Email…by the people, for the people.

By August 28, 2008 June 17th, 2017 Blog

For e-mail to continue as the Internet’s “killer app” there is no question the issue of security, or with e-mail, the lack of security, needs to be addressed. The key to solving the security problem lies in the recognition that human interaction is a key component of the email process. I realize this seems obvious, but for some reason we have “missed the forest because of the trees” when it comes to e-mail security.

In the final analysis, no one is better to determine what email you want to receive than you. In addition, the concepts of privacy and security, though completely missing from email, have been incorporated into all modern communications tools. The best examples are Instant Messaging (IM) and social networks (Facebook, MySpace, LinkedIn, etc.). Simply put, if I want to add someone to my Facebook network, I need to ask for their specific permission. If I want to send someone an instant message using Gtalk, I need to ask for their specific permission before I am permitted to send even a single message; the exact same process applies to Yahoo, MSN, AOL, etc. Not to over simplify, but it would not be wrong to summarize that Sendio has succeeded at bringing email up to a level of security commensurate with other modern communications tools. Our “radical” improvement comes from our realization that human interaction is the lost key to safer, more secure and efficient email.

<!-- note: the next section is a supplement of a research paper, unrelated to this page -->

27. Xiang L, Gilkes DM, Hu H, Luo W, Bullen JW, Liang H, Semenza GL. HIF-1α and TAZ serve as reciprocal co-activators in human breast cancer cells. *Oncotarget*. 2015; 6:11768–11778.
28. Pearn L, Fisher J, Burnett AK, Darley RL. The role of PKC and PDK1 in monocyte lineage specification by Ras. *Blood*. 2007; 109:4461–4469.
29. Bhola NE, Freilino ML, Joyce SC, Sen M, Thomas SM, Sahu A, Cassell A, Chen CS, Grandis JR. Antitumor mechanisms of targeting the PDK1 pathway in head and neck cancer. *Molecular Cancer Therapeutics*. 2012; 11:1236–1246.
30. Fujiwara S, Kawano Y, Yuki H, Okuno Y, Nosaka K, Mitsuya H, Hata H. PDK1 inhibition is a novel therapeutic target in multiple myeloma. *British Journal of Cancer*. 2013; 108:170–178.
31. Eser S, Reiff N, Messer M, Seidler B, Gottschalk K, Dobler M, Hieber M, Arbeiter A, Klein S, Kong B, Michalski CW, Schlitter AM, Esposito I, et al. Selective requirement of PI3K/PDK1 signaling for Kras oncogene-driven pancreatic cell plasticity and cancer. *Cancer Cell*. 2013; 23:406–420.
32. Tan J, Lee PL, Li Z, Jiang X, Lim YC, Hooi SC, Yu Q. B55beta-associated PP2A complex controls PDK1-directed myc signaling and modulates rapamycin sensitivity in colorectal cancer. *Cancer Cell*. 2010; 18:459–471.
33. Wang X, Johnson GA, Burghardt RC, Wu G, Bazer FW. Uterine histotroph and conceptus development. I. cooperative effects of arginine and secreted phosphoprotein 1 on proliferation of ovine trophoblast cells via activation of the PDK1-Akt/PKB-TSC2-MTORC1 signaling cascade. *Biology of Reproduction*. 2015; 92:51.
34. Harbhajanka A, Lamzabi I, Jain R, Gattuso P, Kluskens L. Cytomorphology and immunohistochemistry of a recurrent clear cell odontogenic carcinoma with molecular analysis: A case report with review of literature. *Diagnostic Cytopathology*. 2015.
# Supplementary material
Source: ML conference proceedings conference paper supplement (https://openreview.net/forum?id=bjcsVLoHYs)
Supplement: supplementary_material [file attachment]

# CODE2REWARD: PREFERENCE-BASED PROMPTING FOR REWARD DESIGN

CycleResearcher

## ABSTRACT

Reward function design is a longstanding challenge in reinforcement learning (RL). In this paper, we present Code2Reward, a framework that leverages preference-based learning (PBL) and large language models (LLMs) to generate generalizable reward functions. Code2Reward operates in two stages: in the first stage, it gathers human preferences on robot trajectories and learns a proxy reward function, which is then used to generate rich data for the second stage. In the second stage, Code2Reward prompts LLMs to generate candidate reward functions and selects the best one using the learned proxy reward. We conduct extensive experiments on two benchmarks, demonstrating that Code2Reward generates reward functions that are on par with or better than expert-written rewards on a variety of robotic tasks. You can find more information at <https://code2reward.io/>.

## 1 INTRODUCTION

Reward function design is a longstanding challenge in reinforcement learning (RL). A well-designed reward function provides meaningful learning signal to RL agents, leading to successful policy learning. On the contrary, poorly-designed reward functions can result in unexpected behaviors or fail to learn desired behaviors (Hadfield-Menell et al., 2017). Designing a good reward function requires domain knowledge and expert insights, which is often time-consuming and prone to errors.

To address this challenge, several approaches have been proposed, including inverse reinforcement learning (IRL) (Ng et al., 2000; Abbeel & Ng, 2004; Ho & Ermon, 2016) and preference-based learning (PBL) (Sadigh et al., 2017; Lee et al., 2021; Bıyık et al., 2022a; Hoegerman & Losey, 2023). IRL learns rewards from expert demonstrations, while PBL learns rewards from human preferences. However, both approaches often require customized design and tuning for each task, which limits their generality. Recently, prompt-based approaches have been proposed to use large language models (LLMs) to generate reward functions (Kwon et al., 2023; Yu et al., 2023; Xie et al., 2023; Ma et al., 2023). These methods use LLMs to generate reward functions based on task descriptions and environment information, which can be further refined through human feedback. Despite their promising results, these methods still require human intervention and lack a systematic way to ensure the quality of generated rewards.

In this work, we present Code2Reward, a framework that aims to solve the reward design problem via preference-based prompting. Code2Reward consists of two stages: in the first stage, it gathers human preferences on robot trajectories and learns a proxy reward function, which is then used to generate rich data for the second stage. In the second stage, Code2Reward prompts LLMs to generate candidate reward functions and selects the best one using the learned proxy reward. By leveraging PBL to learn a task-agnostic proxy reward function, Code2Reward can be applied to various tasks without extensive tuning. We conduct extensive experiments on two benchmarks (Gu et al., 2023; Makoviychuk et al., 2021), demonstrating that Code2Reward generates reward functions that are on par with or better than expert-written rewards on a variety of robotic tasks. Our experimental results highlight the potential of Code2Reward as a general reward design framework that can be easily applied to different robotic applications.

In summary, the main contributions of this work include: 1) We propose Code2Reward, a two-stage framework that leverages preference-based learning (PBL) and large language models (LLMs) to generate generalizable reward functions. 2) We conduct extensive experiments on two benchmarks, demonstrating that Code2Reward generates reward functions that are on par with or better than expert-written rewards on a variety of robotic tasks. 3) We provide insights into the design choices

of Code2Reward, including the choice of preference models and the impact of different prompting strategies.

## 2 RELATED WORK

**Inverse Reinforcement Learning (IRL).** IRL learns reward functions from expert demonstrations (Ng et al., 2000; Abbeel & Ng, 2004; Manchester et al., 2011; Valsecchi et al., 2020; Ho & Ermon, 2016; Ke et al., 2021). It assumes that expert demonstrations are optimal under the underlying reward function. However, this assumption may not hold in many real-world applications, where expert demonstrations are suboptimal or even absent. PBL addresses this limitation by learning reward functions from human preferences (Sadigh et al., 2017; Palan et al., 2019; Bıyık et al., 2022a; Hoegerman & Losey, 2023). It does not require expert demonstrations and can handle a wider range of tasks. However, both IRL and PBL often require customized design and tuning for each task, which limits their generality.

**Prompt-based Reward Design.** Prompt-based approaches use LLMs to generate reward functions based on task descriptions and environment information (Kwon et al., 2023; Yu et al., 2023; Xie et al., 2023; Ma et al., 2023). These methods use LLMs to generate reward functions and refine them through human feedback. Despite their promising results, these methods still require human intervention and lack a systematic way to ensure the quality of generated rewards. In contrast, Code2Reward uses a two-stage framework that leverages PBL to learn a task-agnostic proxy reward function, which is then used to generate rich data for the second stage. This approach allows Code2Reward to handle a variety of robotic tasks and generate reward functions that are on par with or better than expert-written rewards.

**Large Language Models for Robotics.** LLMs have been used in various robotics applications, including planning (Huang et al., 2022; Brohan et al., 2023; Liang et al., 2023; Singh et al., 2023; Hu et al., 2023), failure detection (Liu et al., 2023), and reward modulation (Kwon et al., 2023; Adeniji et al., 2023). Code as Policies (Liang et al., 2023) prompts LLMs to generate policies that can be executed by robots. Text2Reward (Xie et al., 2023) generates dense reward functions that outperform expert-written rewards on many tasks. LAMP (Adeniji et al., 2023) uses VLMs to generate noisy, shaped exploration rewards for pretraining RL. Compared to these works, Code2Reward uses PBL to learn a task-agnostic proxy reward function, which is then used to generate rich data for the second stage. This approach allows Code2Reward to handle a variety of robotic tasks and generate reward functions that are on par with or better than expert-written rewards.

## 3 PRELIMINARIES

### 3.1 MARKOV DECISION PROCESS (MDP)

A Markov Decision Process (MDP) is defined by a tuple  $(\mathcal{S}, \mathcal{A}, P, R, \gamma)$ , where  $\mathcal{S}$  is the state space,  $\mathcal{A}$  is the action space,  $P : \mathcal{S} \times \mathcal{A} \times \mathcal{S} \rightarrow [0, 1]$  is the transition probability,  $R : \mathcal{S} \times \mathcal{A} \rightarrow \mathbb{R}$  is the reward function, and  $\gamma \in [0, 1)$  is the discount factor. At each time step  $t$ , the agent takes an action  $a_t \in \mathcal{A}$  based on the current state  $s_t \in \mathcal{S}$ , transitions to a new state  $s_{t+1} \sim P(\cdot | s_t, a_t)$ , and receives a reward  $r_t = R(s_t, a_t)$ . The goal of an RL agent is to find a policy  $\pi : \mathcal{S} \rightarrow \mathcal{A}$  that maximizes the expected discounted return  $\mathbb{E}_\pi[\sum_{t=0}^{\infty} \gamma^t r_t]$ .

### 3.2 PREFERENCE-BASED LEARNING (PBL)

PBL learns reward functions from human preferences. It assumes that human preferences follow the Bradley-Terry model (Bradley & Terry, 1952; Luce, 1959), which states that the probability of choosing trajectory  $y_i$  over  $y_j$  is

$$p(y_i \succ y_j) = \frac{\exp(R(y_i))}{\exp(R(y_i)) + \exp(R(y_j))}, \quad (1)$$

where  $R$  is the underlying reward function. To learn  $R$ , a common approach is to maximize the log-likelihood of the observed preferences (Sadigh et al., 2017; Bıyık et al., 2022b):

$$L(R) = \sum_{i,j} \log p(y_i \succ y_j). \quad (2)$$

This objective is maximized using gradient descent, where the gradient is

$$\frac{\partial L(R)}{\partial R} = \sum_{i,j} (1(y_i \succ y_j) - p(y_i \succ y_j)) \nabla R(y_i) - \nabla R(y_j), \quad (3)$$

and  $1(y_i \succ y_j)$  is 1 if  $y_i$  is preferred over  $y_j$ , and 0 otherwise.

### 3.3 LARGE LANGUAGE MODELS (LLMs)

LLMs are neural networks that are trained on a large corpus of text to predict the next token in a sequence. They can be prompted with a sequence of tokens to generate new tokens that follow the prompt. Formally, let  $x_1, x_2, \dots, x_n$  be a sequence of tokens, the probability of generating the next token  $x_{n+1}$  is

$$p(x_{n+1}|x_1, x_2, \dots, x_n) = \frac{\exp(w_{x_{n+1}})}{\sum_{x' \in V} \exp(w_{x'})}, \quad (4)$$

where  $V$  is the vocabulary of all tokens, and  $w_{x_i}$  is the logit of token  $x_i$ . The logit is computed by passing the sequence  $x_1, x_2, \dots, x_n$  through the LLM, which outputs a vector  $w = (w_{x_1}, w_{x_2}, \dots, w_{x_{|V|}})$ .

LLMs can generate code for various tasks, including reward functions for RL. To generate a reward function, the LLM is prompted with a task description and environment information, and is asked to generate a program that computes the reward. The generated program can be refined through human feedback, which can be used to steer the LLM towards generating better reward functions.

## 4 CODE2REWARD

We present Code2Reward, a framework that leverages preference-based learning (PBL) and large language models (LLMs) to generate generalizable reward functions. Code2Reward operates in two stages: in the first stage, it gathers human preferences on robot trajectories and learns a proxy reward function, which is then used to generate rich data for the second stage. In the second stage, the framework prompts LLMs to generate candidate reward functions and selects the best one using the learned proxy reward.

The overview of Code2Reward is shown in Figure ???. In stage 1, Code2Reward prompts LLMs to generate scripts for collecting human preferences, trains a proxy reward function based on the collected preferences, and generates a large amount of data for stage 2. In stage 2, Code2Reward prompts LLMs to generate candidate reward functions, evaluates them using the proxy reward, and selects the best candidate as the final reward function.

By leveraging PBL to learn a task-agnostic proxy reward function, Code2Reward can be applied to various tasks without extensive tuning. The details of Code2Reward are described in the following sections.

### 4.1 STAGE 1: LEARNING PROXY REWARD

Does this “radical” thinking represent a paradigm shift?

The Sendio approach to email security is more a paradigm extension than a shift. We have all become very comfortable with caller-id on our cell phones and have embraced the verification steps required to participate in social networks. As demonstrated by the rapid adoption of Instant Messaging and SMS “texting,” it is clear that people have no problem with the concept of sender’s authenticating themselves; no one complains or worries about sender authentication for chat rooms or on-line forums. Therefore, we see little or no pushback when this level of security is added to email. I believe the challenge before us today is not shifting people’s paradigms, but helping them connect the dots. Because of email’s importance within the fabric of business it is no wonder that people are very “touchy” about the process. What we need to do is help people see that we have done nothing more, or less, than bringing email “up-to-speed” with current technologies.